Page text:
Home Remodels That Pay Off vs. Ones with Low Returns

You may think that any amount of money you spend on fixing up and modernizing your home will benefit you when you sell. That's a common misconception about remodeling. Every buyer will have different standards and expectations for the appearance of the home. Most, however, won't be able to overlook issues with critical systems, like the roof or the furnace.

Your best option is to focus on a combination of remodeling projects that make you happy with your home and projects that are likely to increase the perceived value of your home.

Major Maintenance Outperforms Aesthetic Changes

Most real estate professionals will tell you that buyers pay the most attention to the bathroom, kitchen and master suite when choosing a home. That may make you want to sink thousands into a new, trendy countertop. While doing so can help make your home look more inviting, spending that money on new windows, siding or roofing may be the smarter move.

In general, siding replacements pay for themselves, bringing in about 92.8 percent of the cost during selling. Replaced windows and roofs also recoup a lot of their own costs, with an estimated 80 percent return on your investment when you sell. The only interior remodel that shows a similar rate of return would be a minor kitchen remodel, costing approximately $15,000. This remodel could return 92.9 percent of your investment at the time of sale.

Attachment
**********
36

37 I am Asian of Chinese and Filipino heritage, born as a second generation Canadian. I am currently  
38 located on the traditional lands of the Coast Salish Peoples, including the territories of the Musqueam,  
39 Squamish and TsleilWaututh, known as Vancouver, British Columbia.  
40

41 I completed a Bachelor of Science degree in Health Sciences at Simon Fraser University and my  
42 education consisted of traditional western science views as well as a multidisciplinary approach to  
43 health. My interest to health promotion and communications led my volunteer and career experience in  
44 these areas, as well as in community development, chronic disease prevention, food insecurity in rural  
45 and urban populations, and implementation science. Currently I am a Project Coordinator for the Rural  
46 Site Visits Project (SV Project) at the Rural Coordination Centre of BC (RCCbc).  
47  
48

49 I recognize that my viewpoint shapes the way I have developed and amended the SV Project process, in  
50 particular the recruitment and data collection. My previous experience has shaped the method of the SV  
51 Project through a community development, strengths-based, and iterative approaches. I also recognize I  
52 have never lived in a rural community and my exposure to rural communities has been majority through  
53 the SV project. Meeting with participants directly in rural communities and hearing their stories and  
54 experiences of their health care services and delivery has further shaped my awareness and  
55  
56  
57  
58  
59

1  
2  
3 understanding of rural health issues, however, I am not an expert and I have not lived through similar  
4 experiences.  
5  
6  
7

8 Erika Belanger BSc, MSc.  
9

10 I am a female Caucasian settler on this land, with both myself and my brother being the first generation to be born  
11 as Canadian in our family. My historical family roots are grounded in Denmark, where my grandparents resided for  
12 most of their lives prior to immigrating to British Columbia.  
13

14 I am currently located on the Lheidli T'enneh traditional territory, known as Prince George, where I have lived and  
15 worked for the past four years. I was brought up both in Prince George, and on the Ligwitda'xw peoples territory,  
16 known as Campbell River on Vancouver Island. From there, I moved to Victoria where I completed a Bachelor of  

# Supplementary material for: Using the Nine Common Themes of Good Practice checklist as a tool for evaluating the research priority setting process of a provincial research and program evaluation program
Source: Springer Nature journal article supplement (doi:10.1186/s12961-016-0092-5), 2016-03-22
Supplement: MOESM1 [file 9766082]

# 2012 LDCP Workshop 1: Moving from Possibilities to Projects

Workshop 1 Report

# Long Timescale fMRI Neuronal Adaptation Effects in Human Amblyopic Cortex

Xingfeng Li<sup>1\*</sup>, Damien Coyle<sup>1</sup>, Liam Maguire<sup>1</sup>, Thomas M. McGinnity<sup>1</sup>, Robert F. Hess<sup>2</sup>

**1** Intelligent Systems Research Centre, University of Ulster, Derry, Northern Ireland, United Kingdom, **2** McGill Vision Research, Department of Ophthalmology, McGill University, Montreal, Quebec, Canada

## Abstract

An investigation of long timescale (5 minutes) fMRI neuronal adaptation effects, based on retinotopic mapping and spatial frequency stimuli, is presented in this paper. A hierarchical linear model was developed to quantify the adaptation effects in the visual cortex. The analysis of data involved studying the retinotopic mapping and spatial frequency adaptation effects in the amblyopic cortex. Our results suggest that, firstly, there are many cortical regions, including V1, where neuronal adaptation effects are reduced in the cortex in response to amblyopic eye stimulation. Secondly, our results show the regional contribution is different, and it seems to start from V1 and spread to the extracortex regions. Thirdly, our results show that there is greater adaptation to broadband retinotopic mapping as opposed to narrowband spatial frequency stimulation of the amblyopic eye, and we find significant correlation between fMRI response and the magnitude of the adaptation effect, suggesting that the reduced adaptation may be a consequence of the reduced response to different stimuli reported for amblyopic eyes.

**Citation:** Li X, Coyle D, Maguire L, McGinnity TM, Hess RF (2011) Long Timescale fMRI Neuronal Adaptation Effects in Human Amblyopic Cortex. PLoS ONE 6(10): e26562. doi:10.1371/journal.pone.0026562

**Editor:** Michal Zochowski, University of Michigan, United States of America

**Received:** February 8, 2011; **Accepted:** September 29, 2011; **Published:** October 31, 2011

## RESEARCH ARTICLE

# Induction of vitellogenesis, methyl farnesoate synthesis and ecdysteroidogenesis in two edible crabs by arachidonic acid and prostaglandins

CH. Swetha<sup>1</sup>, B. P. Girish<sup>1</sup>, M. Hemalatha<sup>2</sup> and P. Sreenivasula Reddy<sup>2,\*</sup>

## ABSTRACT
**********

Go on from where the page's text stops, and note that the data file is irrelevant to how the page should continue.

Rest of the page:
Popular Projects with Low Rates of Return

One of the lower returns for remodeling projects includes the universal bathroom design, which averages a return of about 68.4 percent. Adding bars and removing barriers to make your bathroom accessible by the elderly and those with mobility issues just doesn't do as much as people think to boost the value of their home. A generic bathroom remodel, including new tub, toilet and vanity, may recoup almost 65 percent of the cost of the remodel.

Similarly, a major kitchen remodel, costing upwards of $50,000 may only recoup 65.3 percent of your investment in the remodel. As noted previously, a lower cost and more modest remodel will have a better rate of return.

If your home doesn't have a master suite, adding one could make the home more livable for you. Having your own room, bathroom and walk-in closet can make daily living more comfortable. However, it won't do as much as you'd hope for the price of your home. You'll probably spend over $119,000 on this project and recoup just 64.8 percent of what you spend. Similarly, adding a new bathroom, which averages a price of more than $40,000, will only add about 53.9 percent of what you spend to your home's value.

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